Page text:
I find this pretty tragic. Yesterday, in our post on San Andreas with Dwayne "The Rock" Johnson, we discussed the metaphor of the San Andreas fault line as the civil war in Hollywood over liberal and conservative politics; in the new Mad Max Fury Road trailer, it's pretty clear in the first couple of seconds which side the film is going to fall on:
There's a lot to this trailer, and I don't have the time to go into depth--I'm trying to get the Penguins done--but what are the first words we hear? Oil. Most conservative Americans I know, and have heard view their positions, don't want the US dependent on oil from the Middle East; most liberals I know don't want there to be any oil at all, wanting only green renewable energy that regrettably isn't progressing fast enough for the requirements of the market. Regardless, most liberals--erroneously or not--pit conservatives and oil together. The beautiful Charlize Theron reminds me of the androgynous Seneg in World War Z, the liberal concept that women should be more like men, and men should be more like women. With her super-short, dark crew cut, I didn't even recognize her until the credits came up, and that is, ultimately, what liberals/socialists want: a "identity-less" individual-less" society made up of vast numbers of people who have no name, just a number, and worship the state as god. We won't see that in Mad Max Fury Road, but we will see conservatives appearing as monsters.
The catchy little song playing is Kula Shaker's version of Deep Purple's Hush. The opening lines, "We are an independent, international intelligence agency," is just like the James Bond villain Blofeld's SPECTRE, but obviously, The Kingsman try to undermine organizations like SPECTRE. Again, there is a lot to sift through in this trailer, but given that the camera holds on the shop window with the three men's apparel in it for so long, perhaps we should focus on that, too. First of all, The Kingsman is written on a shop window, which means, part of what they do is protect businesses. The cream colored suit on the left side is nice and formal, but not as formal as the suit on the right side, so we can say the cream colored suit symbolizes the middle-class, employees and business owners; the suit on the right side is a bit more formal, symbolizing those who own big businesses and corporations (they are also being protected) and, finally, the smoking jacket in the center would symbolize the "leisure class," or those with inherited wealth. Again, this "front" for the Kingsman is the real identity they are putting out.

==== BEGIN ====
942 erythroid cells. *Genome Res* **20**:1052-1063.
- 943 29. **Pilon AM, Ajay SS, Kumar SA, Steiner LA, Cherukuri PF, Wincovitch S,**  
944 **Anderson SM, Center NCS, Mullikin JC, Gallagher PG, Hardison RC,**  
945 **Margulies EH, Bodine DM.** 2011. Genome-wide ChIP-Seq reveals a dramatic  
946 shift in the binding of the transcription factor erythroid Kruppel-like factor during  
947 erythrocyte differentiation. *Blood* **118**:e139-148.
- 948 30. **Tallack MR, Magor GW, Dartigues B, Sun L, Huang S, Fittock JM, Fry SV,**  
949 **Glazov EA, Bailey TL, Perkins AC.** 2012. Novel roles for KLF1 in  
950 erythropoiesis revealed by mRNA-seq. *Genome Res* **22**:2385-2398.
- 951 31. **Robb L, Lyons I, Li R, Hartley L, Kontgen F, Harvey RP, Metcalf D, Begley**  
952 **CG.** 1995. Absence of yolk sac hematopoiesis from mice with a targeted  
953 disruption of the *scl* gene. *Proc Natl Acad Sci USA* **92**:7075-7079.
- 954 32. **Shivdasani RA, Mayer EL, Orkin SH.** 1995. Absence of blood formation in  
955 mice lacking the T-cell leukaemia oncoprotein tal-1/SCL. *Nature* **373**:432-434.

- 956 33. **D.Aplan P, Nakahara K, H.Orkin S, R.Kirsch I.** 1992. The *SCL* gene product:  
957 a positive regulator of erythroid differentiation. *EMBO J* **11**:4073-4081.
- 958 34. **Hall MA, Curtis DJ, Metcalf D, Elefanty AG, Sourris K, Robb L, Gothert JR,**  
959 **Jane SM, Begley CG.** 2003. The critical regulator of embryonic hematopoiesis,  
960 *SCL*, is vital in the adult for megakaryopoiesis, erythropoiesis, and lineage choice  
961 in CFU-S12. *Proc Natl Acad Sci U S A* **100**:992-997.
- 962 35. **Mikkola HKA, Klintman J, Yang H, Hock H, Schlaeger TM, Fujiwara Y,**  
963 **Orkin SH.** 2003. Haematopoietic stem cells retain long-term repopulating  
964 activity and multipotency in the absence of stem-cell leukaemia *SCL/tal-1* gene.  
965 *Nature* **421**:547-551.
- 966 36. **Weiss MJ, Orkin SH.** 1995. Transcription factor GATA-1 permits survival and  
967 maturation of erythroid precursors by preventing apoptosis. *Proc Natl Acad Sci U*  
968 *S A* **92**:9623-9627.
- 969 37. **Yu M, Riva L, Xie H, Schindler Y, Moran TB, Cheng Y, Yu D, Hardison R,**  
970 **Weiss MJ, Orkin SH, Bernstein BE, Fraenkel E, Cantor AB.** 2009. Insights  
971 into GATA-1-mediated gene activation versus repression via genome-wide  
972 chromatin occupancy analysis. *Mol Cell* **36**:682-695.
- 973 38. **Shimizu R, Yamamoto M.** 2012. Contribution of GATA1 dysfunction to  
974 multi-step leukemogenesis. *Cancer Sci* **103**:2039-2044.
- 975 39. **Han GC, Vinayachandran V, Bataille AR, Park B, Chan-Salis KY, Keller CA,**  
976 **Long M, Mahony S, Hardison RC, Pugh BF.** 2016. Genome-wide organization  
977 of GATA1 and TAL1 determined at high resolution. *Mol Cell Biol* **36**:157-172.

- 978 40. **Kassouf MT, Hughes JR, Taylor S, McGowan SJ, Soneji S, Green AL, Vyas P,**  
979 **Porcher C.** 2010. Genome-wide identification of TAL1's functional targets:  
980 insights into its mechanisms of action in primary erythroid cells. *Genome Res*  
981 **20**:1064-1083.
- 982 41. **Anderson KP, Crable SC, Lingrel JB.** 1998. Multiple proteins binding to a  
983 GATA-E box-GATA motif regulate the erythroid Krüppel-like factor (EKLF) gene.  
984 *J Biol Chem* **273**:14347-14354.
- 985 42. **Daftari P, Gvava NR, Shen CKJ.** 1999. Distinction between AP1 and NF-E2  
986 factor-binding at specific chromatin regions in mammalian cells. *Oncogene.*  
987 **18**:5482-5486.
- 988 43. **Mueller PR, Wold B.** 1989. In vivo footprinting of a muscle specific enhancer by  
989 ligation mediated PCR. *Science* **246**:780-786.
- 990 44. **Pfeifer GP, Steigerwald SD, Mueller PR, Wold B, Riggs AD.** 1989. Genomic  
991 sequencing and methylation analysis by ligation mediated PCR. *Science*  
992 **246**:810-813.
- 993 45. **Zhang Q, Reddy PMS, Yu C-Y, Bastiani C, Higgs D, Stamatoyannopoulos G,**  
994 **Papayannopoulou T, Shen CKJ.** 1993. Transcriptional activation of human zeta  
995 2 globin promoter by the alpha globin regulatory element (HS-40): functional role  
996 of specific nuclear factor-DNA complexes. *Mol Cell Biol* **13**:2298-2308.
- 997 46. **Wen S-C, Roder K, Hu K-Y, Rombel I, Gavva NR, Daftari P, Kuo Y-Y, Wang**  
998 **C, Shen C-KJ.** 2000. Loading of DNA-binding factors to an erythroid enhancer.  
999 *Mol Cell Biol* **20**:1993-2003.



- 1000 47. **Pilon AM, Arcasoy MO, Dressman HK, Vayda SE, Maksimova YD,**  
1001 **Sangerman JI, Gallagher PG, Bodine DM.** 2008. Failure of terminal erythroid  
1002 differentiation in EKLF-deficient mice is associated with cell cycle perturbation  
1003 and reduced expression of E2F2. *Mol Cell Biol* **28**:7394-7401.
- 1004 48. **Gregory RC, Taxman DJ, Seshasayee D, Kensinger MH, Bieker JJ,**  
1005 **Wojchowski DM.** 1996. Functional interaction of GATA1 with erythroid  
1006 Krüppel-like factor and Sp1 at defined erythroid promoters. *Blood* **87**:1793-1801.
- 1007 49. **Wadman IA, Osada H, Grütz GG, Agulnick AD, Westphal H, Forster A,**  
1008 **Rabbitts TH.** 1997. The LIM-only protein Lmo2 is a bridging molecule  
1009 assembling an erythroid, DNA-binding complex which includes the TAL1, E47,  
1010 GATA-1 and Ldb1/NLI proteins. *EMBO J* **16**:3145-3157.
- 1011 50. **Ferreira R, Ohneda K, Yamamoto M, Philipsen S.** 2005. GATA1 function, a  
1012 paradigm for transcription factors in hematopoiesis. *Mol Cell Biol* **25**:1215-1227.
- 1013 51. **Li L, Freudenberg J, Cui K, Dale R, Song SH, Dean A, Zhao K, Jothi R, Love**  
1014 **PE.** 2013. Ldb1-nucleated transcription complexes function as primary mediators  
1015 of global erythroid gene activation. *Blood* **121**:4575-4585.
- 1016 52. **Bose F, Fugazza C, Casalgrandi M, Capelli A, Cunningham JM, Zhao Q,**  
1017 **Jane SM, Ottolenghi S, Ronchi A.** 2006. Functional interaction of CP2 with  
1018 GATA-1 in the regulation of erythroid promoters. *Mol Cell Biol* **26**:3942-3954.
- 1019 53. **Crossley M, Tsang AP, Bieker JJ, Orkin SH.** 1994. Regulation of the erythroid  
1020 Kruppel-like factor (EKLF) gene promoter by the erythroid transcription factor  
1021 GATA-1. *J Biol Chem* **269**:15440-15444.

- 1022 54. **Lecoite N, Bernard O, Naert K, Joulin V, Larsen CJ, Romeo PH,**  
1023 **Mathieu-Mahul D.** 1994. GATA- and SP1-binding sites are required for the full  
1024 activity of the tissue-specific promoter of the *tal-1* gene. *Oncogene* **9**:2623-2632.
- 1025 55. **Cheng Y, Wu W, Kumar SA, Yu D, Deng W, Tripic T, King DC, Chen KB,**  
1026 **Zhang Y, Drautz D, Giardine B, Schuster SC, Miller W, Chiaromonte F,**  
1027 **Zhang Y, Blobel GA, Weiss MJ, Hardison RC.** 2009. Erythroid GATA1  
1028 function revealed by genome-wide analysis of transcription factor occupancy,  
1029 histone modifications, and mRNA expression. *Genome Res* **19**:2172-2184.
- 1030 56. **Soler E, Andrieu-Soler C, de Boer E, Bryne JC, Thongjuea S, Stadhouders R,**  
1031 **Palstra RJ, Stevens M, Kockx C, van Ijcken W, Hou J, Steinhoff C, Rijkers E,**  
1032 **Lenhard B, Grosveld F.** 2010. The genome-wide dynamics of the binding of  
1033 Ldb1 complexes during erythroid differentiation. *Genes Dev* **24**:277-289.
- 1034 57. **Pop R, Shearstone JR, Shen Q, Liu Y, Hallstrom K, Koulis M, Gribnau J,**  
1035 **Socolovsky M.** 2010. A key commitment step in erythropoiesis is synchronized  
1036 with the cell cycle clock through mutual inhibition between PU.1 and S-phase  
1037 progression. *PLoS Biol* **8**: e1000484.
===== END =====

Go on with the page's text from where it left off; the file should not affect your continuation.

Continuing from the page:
When Eggsy (meaning "egg," like the double-hatching of Private in Penguins Of Madagascar, "new birth" which the kid is going through as a new person with a purpose, like in My Fair Lady) asks, how far down does this room go? The room going down the shaft is a metaphor for what Eggsy is going to have to do to himself: go deep. Eggsy will have to ask himself who he is and what he wants, probably the two most important questions in a person's life, and we'll watch him do it. It's difficult to hear, but at about 0:33, Firth's character says, "Becoming a Kingsman has nothing to do with the circumstances of one's birth," and that's important because it indicates a "climbing" of the social ladder, the ability to make of one's self what one wants and those are values that I, personally, uphold. The next trailer is for Disney's Inside Out:
I don't quite know what to make of the trailer, but the tagline, "a major emotion picture" MIGHT be an indication that this film will debunk the liberals' insistence that, instead of people using rational thought and logic to solve their problems, they just "feel their way" through life. I can only hope. I do have a correction to make: I thought Night At the Museum 3 opened this weekend, and it doesn't open until next weekend; just Exodus: God and Kings for this weekend, which I am still going to go see tomorrow night.
Eat Your Art Out,
The Fine Art Diner
|Gogo Yubari (Chiaki Kuriyama) was the bodyguard for O-Ren (Lucy Liu) in Quentin Tarantino's Kill Bill Vol 1.|
Eat Your Art Out,
The Fine Art Diner